Wednesday, November 15, 2006

West Point, Seen From Manhattan

Everyone entering the military academies now is a post-9/11 volunteer. They've seen the enemy, know who and what he is, and still choose to serve.

The New York Sun has an interesting story about some of the attitudes of those who should know firsthand about that enemy, those who also live close enough to West Point to make a day trip out of it, those who think the military is so beneath them.

It was assumed that, as his mother, I did not approve of the idea, and both my husband and I were sternly warned to avoid all things related to the military. We heard congratulatory words immediately followed by lectures about the evils of war. Mere mention of the words "military academy" brought forth criticism of American involvement in Iraq and the hate-Bush rhetoric that is so predictable in Manhattan. We received reminders that now is not the time to attend a military academy because (as if we didn't know) there is a war going on. Indignant parents reacted as if my husband and I had crossed a forbidden line by allowing our son to apply and go to West Point. Several adamantly declared that if their son or daughter ever got the idea to apply to a military academy, it would be, in these parents' own words, "over my dead body." And, one parent added angrily, only 17-year-olds are "stupid" enough to consider the military as an option.

Antipathy toward the military is often found among people who claim to support our troops but not the war in Iraq. They are sometimes the same people who believe that it is possible to negotiate with terrorists. They are grown adults, friends, and neighbors of mine, who for the past six years have felt entitled to engage in schoolyard name-calling because President Bush challenges the ideology they espouse. They are the "enlightened" baby boomers, the ones who know better and more than anyone else. Along with my baby-boomer peers, I,too, protested the Vietnam War, frowned on patriotism, and scorned the military. But with age, experience, and children, I am beginning to learn that I have been miserably mistaken about some of my long-held beliefs, including my ideas about the military.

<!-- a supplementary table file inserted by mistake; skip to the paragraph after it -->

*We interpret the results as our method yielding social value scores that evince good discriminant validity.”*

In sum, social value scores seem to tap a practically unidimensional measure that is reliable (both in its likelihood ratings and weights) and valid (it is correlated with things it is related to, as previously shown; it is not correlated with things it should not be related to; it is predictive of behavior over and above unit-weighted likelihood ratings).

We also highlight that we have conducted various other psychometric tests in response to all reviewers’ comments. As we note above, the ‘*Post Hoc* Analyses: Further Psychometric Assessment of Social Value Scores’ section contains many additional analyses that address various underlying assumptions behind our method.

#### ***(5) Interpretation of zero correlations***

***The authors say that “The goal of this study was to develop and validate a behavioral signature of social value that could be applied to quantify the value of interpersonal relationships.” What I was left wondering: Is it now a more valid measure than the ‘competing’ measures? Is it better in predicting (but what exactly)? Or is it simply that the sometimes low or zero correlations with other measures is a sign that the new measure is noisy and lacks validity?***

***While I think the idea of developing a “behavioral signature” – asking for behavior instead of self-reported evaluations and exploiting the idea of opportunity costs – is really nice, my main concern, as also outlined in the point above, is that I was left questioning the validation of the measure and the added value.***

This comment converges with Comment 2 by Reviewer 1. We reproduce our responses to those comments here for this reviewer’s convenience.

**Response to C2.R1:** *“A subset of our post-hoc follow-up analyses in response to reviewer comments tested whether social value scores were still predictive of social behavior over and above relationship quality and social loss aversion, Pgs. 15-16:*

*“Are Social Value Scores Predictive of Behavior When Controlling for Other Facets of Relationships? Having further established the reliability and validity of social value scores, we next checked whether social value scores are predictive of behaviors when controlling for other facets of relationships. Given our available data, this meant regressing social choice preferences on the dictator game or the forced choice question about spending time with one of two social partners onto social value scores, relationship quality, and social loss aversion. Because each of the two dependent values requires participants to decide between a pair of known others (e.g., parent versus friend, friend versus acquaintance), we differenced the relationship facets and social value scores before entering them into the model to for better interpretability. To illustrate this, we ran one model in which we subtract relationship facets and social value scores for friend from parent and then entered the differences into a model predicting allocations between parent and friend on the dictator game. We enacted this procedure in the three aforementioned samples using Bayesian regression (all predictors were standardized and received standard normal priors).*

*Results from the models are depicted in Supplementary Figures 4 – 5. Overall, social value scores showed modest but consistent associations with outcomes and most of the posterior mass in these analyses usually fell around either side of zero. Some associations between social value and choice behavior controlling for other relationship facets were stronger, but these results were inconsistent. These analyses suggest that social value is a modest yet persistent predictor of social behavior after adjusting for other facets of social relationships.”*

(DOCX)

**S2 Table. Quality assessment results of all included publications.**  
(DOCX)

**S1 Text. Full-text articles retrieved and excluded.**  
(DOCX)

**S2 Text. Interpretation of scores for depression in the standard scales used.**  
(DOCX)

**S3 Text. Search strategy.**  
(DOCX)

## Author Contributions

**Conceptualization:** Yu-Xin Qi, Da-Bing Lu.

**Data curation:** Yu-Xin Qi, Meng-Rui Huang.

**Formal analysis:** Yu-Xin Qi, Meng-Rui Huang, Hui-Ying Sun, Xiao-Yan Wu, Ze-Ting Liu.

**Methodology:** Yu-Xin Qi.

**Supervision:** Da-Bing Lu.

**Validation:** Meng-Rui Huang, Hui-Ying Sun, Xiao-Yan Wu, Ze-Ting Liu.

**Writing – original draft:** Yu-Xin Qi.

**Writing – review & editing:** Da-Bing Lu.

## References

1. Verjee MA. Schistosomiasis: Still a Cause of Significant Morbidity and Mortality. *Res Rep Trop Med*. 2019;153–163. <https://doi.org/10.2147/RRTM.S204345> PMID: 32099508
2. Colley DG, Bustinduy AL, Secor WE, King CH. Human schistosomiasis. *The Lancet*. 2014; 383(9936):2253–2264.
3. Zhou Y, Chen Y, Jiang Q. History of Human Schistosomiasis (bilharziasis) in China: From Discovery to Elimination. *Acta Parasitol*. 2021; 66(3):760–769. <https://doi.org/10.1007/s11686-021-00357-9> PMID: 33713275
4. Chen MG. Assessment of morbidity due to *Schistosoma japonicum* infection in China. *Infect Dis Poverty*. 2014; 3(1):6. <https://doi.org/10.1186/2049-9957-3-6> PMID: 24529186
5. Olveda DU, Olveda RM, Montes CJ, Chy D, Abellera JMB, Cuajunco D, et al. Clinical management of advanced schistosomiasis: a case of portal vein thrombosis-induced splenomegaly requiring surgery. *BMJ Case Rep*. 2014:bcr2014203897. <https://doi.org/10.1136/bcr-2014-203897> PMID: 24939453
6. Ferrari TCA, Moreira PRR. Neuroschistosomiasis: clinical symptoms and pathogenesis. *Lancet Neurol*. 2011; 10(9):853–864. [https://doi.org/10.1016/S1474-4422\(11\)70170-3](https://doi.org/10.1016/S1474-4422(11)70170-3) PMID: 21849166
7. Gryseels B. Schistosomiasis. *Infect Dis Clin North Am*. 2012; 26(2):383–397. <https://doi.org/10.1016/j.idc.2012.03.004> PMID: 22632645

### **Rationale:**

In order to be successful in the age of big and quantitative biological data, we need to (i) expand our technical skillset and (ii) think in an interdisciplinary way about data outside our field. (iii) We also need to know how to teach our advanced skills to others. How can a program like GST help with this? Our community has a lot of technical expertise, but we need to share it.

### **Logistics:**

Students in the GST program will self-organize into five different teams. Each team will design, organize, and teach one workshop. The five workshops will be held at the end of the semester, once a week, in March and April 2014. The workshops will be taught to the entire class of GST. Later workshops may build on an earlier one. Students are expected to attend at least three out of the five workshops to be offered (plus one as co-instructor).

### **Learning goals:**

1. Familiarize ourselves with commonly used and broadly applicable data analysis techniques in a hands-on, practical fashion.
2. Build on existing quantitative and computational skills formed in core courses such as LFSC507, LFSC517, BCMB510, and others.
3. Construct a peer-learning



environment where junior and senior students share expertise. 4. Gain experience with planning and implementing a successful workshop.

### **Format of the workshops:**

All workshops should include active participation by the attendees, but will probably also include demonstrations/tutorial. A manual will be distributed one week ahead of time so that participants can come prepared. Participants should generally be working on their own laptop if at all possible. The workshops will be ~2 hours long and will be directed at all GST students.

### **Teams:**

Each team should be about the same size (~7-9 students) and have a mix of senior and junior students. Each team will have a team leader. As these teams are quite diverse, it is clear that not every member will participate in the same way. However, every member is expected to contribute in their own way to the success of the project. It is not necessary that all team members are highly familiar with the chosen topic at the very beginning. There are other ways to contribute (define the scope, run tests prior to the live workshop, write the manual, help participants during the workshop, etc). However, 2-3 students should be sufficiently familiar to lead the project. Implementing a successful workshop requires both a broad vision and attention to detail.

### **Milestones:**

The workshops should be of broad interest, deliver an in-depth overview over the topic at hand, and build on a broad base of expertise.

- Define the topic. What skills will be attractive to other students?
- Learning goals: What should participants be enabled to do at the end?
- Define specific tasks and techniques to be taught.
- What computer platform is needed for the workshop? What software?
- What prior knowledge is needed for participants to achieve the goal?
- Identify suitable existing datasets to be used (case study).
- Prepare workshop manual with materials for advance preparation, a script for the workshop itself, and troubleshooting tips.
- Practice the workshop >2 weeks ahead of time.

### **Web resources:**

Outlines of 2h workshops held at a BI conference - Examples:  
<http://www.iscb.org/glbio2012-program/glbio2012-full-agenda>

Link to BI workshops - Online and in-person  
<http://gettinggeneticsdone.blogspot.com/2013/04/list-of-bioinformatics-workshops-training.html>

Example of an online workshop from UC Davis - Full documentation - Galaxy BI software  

I've known more than a few parents whose opinions about the military changed once their children went to West Point. Funny how that happens.


Anonymous said...

How's West Point in terms of academics?

Darren said...

Rigorous. In fact, 15 semester units was considered a fairly light load.

For a school of only 4000 or so, West Point "overperforms" in Rhodes Scholarships, Hertz Fellowships, and the like.

You might find answers to your specific questions at

Darren said...

Hey, look what else I found--a profile of the current freshman class.

It includes SAT/ACT data, high school valedictorians, etc.

Cadet X said...

I would like to point out that the Class of 2009 also entered after the war had begun and we knew full well what we were getting into.

you also forgot USAFA and the lesser USNA

Darren you should know I read this all the sneaking that past me

chair force hooah

Anonymous said...

Cool. Thanks, Darren.

Darren said...

Cadet X: I think your "concerns" were addressed in my first paragraph.

But it's good to know that you still read :-)

Anonymous said...

I wonder if these same parents would object to their children pursuing a career in law enforcement or fire fighting? There are some occupations that are inherently more dangerous than others. However, to discourage someone from practicing civic virtue, even if it is your own child whom you innately want to protect, is unexcusable. Tomorrow is not a guarantee for anybody. Car accidents claim more lives in a year than any occupation.

carol said...

"I wonder if these same parents would object to their children pursuing a career in law enforcement or fire fighting?"

Oh, probably. Amazing how they disdain the most dangerous and important professions, isn't it?

I've come to the conclusion that military service is the #1 Man Test, childrearing being #1 Woman Test. Being a typical self-indulgent boomer, I flunked my own test, but I admire those who put themselves at risk or through endless hassles "when they didn't even have to*. I would never disdain or discourage someone from following either course.

rightwingprof said...

The happiest day in my father's life was when my brother signed up for the Army.

Then, my parents were members of the Greatest Generation, and my father was a WW2 and Korean War veteran.